We would like to explore to what extent we as a community foundation can also support projects that are designed and driven by people from an intended target group. We think of projects driven by young people in challenging conditions, who are themselves taking initiatives to strengthen the resilience of themselves and their peers.

We need to ask ourselves whether our current methodology, procedures and call criteria are adapted to this type of target groups and projects. And if not, we would like to investigate how we can adapt our procedures to also trigger projects driven by a target group:

  • How can we trigger young people to set up initiatives/projects that improve their situation and the situation of their peers?
  • How can we, as a community foundation, adapt our processes and criteria to these projects/project submitters?

The objective: Ghent climate-robust by 2030

Climate change makes Ghent vulnerable to more and more intense heat waves, more extreme showers and longer droughts. That is also felt today. We must prepare our city for these change: keep them pleasant, liveable, healthy and safe for our residents, institutions and businesses. We have set an ambitious goal from the City: by 2030 we want to be climate-robust. One of the objectives is to make the underground of Ghent work like a sponge. A rain shower that occurs once every 20 years may not cause damage to buildings, roads or other urban infrastructure in Ghent, now and in the future.

Water and greenery needs more space in the city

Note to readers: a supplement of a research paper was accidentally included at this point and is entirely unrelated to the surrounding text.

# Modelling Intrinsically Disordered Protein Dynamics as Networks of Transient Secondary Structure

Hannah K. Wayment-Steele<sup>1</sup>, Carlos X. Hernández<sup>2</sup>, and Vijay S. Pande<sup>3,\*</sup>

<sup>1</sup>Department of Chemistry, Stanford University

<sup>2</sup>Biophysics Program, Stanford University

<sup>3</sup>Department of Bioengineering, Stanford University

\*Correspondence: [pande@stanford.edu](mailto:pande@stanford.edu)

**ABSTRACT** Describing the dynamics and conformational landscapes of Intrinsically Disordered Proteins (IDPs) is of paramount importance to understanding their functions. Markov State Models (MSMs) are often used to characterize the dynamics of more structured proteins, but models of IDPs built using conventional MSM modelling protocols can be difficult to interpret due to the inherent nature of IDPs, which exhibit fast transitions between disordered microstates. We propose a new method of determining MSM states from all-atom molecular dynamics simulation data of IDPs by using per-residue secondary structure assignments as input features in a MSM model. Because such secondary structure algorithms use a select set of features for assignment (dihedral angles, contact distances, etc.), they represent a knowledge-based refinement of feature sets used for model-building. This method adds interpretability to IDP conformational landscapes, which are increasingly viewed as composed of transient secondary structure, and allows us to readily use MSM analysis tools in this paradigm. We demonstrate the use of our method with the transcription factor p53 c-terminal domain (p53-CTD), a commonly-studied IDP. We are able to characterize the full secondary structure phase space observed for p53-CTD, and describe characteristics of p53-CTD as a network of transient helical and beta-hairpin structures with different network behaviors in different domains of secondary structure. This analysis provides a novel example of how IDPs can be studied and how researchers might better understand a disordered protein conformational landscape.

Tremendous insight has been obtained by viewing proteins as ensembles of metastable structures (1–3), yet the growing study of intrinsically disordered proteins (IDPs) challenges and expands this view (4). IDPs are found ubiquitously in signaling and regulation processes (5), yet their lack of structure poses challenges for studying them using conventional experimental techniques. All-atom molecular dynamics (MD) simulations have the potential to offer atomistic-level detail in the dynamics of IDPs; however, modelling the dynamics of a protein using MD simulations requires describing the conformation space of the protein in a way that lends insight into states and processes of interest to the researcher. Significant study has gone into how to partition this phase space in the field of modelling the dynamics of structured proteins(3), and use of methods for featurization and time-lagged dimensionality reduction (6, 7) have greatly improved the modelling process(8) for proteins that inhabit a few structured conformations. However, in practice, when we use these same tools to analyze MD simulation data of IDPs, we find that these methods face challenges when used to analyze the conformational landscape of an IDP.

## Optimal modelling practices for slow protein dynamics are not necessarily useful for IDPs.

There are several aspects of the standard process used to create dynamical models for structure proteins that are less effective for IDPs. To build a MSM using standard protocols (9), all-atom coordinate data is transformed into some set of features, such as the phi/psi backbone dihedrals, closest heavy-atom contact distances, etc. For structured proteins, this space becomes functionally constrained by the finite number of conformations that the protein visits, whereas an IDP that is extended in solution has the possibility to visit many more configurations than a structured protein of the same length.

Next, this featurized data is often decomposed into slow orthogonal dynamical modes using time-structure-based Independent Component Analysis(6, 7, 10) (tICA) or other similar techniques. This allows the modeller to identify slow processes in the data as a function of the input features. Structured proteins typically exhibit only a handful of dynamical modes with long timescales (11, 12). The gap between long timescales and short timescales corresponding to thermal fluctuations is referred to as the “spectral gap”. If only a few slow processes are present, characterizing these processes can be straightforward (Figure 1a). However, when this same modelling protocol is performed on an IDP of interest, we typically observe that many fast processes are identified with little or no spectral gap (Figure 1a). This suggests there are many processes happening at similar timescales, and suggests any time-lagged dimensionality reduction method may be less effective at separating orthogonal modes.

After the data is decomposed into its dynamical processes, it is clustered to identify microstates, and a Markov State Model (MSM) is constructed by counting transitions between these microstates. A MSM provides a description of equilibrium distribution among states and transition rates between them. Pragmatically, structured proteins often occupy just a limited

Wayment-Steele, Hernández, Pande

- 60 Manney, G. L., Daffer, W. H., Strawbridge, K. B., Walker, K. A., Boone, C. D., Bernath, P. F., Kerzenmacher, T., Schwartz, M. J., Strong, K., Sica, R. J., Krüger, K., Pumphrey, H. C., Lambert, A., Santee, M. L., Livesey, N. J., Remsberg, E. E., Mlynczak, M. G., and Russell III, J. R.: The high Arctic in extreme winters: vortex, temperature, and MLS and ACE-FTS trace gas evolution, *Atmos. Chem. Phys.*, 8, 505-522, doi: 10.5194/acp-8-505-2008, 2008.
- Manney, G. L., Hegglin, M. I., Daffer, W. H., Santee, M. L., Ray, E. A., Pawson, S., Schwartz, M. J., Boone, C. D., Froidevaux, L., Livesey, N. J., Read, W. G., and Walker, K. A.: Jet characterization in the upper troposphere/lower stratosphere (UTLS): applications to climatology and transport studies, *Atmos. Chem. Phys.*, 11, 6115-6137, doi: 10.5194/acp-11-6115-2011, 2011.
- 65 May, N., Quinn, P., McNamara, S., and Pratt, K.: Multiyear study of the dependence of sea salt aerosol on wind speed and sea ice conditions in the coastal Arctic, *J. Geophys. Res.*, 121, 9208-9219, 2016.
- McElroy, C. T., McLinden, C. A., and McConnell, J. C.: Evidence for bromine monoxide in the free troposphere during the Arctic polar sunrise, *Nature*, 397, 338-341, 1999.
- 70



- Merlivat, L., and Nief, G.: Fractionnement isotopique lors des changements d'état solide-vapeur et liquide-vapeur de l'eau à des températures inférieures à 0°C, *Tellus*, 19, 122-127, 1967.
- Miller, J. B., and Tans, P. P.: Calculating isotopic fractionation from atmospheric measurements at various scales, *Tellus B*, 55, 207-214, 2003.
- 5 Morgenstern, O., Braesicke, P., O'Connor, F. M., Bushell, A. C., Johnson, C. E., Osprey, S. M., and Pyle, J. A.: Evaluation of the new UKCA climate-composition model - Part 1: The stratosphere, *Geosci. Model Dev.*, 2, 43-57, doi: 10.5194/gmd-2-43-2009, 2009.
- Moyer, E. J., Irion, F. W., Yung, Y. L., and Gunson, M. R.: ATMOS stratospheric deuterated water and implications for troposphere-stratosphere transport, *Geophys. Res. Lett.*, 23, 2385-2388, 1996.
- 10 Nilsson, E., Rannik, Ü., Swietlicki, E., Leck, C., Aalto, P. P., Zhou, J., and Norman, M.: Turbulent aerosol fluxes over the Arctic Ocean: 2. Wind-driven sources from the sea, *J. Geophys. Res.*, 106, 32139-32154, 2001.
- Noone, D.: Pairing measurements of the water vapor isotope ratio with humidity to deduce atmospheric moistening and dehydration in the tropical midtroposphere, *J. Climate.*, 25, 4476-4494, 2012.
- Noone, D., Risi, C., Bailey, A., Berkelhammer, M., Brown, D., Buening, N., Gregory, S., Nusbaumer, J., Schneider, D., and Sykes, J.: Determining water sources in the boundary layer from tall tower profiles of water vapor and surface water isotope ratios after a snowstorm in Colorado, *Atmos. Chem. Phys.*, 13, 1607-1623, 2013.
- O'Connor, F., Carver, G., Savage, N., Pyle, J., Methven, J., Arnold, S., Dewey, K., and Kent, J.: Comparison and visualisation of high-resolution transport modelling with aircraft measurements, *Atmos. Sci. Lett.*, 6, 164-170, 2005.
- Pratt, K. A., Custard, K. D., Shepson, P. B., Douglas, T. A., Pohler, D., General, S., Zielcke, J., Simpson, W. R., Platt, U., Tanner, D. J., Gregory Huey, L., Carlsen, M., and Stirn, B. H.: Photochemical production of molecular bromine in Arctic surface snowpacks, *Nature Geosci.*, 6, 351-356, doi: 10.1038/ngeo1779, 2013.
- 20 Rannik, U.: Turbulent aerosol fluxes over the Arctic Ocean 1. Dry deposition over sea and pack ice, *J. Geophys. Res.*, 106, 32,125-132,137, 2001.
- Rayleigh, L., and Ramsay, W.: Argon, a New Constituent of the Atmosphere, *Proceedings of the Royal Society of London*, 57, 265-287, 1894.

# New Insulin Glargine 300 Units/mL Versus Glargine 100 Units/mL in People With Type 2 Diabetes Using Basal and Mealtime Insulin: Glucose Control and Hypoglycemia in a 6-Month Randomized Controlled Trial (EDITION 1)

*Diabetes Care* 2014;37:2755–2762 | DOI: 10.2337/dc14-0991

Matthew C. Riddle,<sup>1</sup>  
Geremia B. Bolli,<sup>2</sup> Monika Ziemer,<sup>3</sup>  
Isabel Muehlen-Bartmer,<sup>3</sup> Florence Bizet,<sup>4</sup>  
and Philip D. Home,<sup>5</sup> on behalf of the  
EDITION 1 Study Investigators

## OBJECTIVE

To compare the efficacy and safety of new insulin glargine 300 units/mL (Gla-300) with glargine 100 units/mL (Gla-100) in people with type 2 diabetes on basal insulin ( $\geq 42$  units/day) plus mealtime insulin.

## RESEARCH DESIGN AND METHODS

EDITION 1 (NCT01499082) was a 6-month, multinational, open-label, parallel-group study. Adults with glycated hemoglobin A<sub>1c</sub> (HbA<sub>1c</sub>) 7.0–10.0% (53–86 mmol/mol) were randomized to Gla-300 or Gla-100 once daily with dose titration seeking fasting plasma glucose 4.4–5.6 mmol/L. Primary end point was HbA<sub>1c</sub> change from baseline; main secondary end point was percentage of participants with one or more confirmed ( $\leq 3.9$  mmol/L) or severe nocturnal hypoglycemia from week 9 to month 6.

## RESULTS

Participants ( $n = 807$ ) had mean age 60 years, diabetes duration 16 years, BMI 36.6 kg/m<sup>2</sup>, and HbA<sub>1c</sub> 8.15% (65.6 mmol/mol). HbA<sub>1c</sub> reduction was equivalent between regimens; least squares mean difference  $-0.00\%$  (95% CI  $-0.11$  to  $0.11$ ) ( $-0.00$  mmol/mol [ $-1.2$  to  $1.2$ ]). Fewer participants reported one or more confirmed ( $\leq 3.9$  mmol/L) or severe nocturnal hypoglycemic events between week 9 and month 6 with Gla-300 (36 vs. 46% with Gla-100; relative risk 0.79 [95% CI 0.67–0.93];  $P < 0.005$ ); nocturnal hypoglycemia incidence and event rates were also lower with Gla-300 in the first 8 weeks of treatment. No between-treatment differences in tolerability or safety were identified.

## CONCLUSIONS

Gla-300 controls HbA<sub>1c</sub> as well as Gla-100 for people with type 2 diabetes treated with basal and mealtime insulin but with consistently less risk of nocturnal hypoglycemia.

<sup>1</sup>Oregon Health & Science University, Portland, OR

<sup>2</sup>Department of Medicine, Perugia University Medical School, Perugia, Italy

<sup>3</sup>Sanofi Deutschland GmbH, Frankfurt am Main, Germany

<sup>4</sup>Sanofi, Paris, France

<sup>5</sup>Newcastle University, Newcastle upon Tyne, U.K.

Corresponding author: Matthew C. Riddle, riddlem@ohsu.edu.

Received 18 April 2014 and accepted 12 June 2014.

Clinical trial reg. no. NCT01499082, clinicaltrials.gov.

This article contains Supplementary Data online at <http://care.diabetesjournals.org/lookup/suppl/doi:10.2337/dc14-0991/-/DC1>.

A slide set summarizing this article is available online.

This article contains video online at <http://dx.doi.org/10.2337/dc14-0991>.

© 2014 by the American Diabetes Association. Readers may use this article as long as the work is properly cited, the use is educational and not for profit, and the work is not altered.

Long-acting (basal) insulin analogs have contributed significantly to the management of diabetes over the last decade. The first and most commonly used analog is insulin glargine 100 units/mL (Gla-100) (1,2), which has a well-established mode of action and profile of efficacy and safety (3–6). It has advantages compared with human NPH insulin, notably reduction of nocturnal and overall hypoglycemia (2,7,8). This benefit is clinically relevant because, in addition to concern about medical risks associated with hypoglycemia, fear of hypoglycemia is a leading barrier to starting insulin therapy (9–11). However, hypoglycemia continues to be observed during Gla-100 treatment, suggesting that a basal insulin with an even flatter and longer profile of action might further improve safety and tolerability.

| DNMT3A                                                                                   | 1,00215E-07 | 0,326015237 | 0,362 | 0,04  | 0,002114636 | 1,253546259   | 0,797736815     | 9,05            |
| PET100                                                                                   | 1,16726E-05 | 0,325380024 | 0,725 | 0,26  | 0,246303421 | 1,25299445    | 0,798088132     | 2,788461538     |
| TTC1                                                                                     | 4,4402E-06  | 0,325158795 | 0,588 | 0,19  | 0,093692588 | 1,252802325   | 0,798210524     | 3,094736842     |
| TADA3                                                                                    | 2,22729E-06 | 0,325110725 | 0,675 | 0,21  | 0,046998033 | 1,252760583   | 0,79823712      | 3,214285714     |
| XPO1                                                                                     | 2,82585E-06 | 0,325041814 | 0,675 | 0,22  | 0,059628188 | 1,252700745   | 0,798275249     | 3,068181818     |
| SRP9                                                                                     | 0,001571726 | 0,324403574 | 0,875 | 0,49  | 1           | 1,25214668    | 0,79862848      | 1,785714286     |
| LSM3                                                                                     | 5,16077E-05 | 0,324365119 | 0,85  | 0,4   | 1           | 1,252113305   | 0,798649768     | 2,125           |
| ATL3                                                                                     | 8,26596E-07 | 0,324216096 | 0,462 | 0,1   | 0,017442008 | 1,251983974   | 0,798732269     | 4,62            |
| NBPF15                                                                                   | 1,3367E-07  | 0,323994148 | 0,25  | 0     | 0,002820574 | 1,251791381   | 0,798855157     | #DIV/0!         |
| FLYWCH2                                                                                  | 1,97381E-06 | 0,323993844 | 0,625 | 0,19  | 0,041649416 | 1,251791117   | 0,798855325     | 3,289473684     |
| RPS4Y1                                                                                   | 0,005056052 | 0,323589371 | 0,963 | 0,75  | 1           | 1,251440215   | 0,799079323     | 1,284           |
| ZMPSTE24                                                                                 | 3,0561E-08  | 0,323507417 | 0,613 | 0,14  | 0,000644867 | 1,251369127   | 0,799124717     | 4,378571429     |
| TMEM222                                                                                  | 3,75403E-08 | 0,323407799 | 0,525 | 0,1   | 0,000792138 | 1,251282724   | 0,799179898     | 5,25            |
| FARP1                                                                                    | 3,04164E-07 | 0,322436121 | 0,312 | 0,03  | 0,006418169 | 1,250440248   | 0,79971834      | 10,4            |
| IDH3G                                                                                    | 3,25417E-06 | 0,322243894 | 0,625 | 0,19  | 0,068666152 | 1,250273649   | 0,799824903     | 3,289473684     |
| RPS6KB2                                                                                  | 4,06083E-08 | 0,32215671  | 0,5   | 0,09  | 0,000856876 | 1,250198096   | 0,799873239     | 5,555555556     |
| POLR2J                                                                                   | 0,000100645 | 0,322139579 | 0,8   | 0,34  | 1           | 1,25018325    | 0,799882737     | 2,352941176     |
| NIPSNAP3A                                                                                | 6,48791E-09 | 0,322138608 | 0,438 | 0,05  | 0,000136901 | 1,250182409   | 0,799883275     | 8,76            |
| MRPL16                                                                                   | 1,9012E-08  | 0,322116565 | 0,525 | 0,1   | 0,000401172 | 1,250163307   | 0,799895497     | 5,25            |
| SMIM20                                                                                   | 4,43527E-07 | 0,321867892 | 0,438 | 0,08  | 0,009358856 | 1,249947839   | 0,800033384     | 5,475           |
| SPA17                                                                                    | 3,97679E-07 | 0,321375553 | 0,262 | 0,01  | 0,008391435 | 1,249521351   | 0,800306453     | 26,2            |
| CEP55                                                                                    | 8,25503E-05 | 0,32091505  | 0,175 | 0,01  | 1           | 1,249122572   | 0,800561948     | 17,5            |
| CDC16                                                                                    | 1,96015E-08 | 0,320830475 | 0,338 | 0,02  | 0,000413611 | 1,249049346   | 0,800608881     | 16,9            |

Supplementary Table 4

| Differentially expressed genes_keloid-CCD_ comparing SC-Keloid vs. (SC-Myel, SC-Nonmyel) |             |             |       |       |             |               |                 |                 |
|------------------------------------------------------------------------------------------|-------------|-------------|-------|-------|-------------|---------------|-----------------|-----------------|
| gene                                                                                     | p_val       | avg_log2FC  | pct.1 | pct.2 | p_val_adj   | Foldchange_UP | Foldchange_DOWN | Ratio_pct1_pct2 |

Source measures are the most effective and most beneficial in the long term to intervene proactive on the consequences of climate change. This means that we must limit paving to the functional minimum, provide space for greenery and retain rainwater on site in winter as much as possible. are asking for more space for water and greenery at plot level, street level and neighbourhood le These measures are very drastic in a city where the competition for space is very high and many different societal challenges have to be tackled simultaneously.

For example, we aim to pave the public domain by 15% less during the integral redevelopment. However, it is not easy for designers to balance the spatial questions linked to all kinds of societal challenges. We also set the bar high for new urban development projects. Keeping maximum precipitation in place requires at least 7% of the draining surface. Here too, this will require a creative design of the environment and the buildings in order to balance space for water and greenery.